Over at The New Republic, John Gray looks at the problem of scientism as it relates to finding some basis for generating a public morality, in his review of a new book by Jonathan Haidt. This review touches on something I have discussed before, the danger that while we can all take some measure of joy at the advances and achievements of science, we cannot, and ought not, assume that it can provide us with a metaphysics or a morality, both of which require moving beyond the scientific method. Gray;s essay is well worth a read.
The Barna Group has a report on their newest survey of voters. The headline reads: "Evangelical Support for Obama Doubles in Past Three Years." That would certainly be news. According to their survey, Obama's previous support among white evangelical Christians was 11 percent and it has no grown to 22 percent. The survey also indicates that white evangelical Christians make up just 7 percent of the population and 10 percent of the electorate.
It is commonly, and correctly, understood that this year’s election will hinge on the state of the economy. But, economic performance is measured in different ways, and a myriad of different events, not all of them stateside, can affect that performance.
Yesterday, for instance, the Obama administration got some good news and delivered even better news. The good news it received was that manufacturing activity increased last month at the highest rate in 10 months, rising to 54.8, up from 53.4 in March. The activity pertained to all sectors of manufacturing activity: new orders, production, and hiring. The news sent investors into the stock market with renewed vigor and the Dow reached its highest close since late 2007. Obama desperately needs more and more stories that indicate the economy is moving in the right direction if he is to sustain the narrative that he has been digging the nation out of a recession largely caused by the Bush-like policies Gov. Romney supports.
I neglected to link to an important op-ed yesterday in the Washington Post by E.J. Dionne about the politics of the death penalty and how it is shifting. Connecticut just became the 17th state to ban the dealth penalty. Dionne also notes some of the other happy political developments on my home state of Connecticut.
Over at the blog of Faith in Public Life, John Gehring offers a robust defense of women religious and the work they do.
My colleague John Allen has an important article on a conference in Rome that seemed to be advocating for a more restrictive understanding of canon law regarding annulments. I am not a canonist, and I know every field has considerations proper to itself that may be unclear to the rest of us. But, all the canon laws of the Church serve the pastoral ministry of the Church, not the other way round. And, I fear that the large number of annulments, most of them coming from the U.S., may be seen in the wrong light by officials in the Vatican.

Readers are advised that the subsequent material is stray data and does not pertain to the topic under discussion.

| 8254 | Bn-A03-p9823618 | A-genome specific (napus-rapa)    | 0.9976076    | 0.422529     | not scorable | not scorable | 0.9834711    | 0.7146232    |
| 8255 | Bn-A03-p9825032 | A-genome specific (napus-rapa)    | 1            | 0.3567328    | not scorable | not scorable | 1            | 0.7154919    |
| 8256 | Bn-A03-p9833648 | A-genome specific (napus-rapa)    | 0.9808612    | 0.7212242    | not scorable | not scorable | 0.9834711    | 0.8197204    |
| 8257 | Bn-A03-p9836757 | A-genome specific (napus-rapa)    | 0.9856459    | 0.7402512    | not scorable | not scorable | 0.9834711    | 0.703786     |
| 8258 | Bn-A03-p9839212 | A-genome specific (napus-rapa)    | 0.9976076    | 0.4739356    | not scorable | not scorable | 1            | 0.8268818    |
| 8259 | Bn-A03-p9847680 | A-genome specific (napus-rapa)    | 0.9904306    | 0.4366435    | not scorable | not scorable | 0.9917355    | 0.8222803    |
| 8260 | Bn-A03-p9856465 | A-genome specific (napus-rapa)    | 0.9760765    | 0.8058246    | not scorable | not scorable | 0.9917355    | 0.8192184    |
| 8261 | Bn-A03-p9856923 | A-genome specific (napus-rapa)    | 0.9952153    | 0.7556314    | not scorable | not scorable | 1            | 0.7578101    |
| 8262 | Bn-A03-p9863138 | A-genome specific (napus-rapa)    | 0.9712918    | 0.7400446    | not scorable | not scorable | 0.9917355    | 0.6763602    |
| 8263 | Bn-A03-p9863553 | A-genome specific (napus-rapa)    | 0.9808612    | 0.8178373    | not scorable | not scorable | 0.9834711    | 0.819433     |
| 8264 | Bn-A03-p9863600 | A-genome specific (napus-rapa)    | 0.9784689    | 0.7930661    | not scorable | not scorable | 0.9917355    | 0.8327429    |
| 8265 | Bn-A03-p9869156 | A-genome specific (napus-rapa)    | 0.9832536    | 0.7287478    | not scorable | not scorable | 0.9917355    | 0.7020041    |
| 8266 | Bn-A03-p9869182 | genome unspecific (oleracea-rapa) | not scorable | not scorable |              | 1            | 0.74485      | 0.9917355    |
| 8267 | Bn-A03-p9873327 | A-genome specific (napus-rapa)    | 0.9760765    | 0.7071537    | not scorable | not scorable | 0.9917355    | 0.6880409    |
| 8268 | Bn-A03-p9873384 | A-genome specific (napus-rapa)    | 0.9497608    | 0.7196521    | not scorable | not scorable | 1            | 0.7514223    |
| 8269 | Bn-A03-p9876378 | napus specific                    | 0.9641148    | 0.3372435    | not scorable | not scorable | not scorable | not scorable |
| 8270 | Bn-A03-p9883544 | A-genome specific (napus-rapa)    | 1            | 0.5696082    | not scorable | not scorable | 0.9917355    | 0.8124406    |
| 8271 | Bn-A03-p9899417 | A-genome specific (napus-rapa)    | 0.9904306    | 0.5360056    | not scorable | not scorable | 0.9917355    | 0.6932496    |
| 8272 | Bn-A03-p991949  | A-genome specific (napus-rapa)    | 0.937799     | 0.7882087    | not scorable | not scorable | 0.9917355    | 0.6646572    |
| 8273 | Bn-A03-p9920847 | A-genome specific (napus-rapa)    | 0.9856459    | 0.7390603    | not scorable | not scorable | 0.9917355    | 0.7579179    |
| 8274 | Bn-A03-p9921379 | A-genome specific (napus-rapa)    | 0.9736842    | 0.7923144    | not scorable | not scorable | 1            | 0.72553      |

The state of marriage has been in free-fall for decades. Divorce rates for Catholics are similar to those in the ambient culture. And, someone who comes to the Church to seek an annulment is doing so because their marriage has already failed. But, they are coming for another reason to - they want to remain practising Catholics. Going through an annulment is not an easy process. Many people just walk away from the Church as well as their marriage. Those who come to the Church to seek an annulment do so because, at some level, they agree with the Church's teachings on marriage and want to abide by those teachings.
This morning, the John C. Danforth Center on Religion and Politics at Washington University in St. Louis launched a new, and very ambitious, online news journal, Religion & Politics.
The journal strikes me as scholarly but accessible, lively but not partisan, informed in the deepest sense of the word, but not afraid to take a position or to push the envelope. Full disclosure - I am on their media advisory board as are some of my favorite writers and thinks, including Cathleen Kaveny and Mark Silk. Additionally, I was delighted to have an article I wrote for them be one of their featured articles in their premiere edition, posted this morning.
Put this new blog on your blog roll. It instantly becomes a must-read for those who care about religion and politics and the confounding ways they often intersect.
The issue of entitlements, and entitlement reform, is inexorably gaining prominence, yet I fear greatly that the Democrats, and specifically President Obama, are letting the Republicans, and specifically Cong. Paul Ryan, define the debate. And, this is an issue on which the USCCB should, I believe, be front and center articulating a foundational article of Catholic social teaching that has implications for both our commitment to social justice and our commitment to the dignity of every human life.
Over at Mirror of Justice, Rick Garnett is feeling glomy about the intractable ways political and ideological discourse is engaged. I am less gloomy than he, but I share his concern that few of us try often enough to try and discern what wisdom might reside in the viewpoints of those with whom we disagree. Here is good grounds for an examination of conscience by all bloggers and blog commenters!
Regular readers of my blog will know the very, very low regard in which I hold the opinions of George Weigel. He and his neo-con fellow RCs have tried to subvert Catholic social teaching for decades and still seem incapable of believing that the Master meant what he said about avarice and riches.
Now, he has set his sights on the Vatican's "assessment" of the LCWR in a post at the National Review. The article is filled with his usual absurd arguments - if only nuns wore habits, all would be well with the world - and his usualy penchant for nostalgia - invoking the memory of Ingrid Bergman in Bells of St. Mary's - but this paragraph of his was especially disturbing even by Weigel's standards: